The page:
The shortages are most acute in round and fancy-shape, 3-carat and larger, I to L diamonds with clarity ranging from VS1 to the better I1s, said Jain at House of Diamonds.

“Demand is lower, but the supply is much, much lower,” Jain attested.

When replacing inventory, buyers are receiving quotes 5% higher than for the original goods, he said. For example, according to Jain, an 8-carat diamond will sell for 15 percentage points more than two months ago — referring to a reduction in the size of the discount off the Rapaport list.

“Before, there were crazy discounts,” Jain continued. “Now there is a lot of seller’s remorse.”

Jain has sold a lot of diamonds in the 0.30-, 0.40- and 0.50-carat sizes with Gemological Institute of America (GIA) grading reports, he said. Melee is also hot, especially in fancy shapes and at the lower prices points, such as the “+2 -11” sieve size with G color and SI2 to SI3 clarity, he noted.

“We have ordered but not been able to buy [these melee categories],” he revealed.

The supply squeeze is bigger in larger categories, especially round, 1.50- to 3.99-carat diamonds with clarity from VS2 to better SIs, the earlier anonymous supplier contended. Demand for these categories has also had less competition from lab-grown diamonds, he argued.

Price mismatch

With India now processing rough for the past two months, the question is what will happen when more of the fresh goods hit the market. De Beers sold $370 million in rough at its January sight, the most since August. That production takes between one and two months to be ready as polished.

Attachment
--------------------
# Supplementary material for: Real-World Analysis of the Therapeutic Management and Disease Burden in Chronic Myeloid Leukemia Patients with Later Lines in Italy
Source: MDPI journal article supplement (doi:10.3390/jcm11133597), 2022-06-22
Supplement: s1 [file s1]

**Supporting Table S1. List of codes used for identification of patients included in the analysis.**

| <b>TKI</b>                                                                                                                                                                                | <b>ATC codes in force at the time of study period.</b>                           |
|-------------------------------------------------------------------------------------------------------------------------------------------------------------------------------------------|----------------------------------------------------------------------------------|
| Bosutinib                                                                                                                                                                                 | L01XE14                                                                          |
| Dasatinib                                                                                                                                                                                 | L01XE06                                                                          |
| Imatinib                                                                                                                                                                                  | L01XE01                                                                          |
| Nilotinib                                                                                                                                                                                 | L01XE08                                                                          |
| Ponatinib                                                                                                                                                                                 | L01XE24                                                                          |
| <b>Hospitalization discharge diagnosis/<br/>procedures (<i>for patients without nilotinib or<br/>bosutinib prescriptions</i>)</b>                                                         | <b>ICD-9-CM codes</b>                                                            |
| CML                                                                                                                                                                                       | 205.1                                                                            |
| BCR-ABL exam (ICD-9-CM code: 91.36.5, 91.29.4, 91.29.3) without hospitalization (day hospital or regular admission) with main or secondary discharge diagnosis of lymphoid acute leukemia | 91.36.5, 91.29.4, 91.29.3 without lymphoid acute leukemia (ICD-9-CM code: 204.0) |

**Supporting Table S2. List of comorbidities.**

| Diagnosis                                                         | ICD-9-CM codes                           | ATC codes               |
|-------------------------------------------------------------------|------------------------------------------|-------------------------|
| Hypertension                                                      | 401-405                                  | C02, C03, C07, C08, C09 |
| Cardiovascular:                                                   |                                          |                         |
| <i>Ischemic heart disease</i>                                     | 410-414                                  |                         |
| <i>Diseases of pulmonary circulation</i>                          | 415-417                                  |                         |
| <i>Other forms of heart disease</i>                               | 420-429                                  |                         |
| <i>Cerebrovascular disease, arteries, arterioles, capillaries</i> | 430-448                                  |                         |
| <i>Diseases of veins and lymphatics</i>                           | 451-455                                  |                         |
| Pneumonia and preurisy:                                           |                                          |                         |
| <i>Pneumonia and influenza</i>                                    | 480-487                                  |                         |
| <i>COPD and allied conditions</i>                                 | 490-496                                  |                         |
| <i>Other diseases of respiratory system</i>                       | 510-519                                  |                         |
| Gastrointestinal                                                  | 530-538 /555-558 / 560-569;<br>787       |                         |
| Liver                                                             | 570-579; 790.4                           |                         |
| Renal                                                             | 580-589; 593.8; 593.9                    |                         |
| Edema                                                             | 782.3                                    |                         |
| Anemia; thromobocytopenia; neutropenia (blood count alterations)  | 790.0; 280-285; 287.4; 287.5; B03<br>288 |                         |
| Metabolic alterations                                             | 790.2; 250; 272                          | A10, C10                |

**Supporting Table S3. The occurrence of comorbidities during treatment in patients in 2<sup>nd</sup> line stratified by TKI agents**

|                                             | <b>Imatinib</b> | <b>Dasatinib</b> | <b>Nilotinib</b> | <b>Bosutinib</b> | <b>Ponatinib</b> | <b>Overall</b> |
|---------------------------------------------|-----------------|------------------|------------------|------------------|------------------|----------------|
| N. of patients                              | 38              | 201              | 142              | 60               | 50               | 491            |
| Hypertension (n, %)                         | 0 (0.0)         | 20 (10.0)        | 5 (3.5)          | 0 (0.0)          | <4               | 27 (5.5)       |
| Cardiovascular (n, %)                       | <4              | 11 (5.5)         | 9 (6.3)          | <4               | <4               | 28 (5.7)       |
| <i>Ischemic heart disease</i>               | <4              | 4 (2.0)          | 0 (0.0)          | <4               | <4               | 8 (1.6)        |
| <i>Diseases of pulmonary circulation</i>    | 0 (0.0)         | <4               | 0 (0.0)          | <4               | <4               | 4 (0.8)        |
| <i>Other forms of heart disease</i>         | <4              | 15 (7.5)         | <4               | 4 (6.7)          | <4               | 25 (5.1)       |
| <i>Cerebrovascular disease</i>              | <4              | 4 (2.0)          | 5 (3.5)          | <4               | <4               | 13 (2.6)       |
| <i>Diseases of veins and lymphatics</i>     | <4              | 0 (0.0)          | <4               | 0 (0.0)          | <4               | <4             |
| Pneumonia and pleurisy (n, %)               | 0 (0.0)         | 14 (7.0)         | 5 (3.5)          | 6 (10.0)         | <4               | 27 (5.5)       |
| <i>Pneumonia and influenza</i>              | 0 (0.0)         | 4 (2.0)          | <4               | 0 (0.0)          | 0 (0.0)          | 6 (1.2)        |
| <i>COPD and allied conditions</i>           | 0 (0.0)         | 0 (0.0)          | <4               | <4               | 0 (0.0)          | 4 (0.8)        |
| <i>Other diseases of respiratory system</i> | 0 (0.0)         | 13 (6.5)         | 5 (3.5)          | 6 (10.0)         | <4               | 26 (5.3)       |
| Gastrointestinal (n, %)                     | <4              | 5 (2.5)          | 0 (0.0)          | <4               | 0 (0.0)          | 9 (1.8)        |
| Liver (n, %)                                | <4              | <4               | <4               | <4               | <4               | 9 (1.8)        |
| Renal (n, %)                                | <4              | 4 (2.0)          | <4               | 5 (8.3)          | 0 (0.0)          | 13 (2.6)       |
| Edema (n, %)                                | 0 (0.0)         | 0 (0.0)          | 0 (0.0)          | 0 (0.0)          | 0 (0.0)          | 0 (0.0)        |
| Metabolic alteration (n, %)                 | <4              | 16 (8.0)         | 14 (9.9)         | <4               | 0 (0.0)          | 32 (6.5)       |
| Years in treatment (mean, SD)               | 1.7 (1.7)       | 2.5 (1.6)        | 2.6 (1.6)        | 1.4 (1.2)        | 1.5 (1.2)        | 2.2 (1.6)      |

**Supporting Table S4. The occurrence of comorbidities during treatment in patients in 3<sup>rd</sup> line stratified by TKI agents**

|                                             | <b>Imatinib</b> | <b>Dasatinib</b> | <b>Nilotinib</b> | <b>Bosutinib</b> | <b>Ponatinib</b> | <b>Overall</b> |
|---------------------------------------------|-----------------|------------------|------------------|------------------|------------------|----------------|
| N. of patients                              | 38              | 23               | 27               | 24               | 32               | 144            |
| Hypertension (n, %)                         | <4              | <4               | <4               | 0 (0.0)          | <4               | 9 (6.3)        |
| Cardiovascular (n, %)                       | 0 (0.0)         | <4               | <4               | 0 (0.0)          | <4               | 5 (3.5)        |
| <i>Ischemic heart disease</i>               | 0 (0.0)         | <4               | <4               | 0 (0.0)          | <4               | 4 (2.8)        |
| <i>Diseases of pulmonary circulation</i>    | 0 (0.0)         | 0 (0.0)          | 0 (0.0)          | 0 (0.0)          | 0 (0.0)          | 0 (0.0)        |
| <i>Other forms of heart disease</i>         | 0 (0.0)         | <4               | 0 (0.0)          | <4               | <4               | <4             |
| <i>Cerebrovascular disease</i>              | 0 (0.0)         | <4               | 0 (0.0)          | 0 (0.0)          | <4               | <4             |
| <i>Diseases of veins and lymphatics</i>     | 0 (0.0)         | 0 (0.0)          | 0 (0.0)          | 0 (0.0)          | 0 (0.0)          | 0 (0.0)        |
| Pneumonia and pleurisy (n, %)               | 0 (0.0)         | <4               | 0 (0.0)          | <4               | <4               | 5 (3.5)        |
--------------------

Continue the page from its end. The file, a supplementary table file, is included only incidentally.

However, for now, the market is in an awkward situation: Indian sellers have raised prices because of the shortfalls, but US dealers aren’t keen to close transactions at those rates unless it’s for an immediate order.

This has manifested itself as an inability for US dealers to find round goods at profitable prices, the earlier anonymous supplier said. Indian sellers have raised their pricing at a faster rate than their US counterparts — often the case when the market is on an upward trend, as India is more plugged in to the rough sector, he explained. This means Indian prices of rounds can be as high as US memo prices, making it hard for dealers to profit when buying from India and supplying to US retailers.

“I legitimately can’t find things with enough of a spread between the overseas prices and the US dealer listed prices,” the anonymous supplier said.

But sometimes the US traders have to accept the new, higher prices.

“If there is a specific call or a need, we have no choice but to pay what [the] supplier asks and fill the order,” Sheth acknowledged.

Main image: A polished diamond in a hand. (Shutterstock)

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Polished diamond in hand 1280 USED 022024 New York Diamond Dealers Upbeat Amid Tight Supply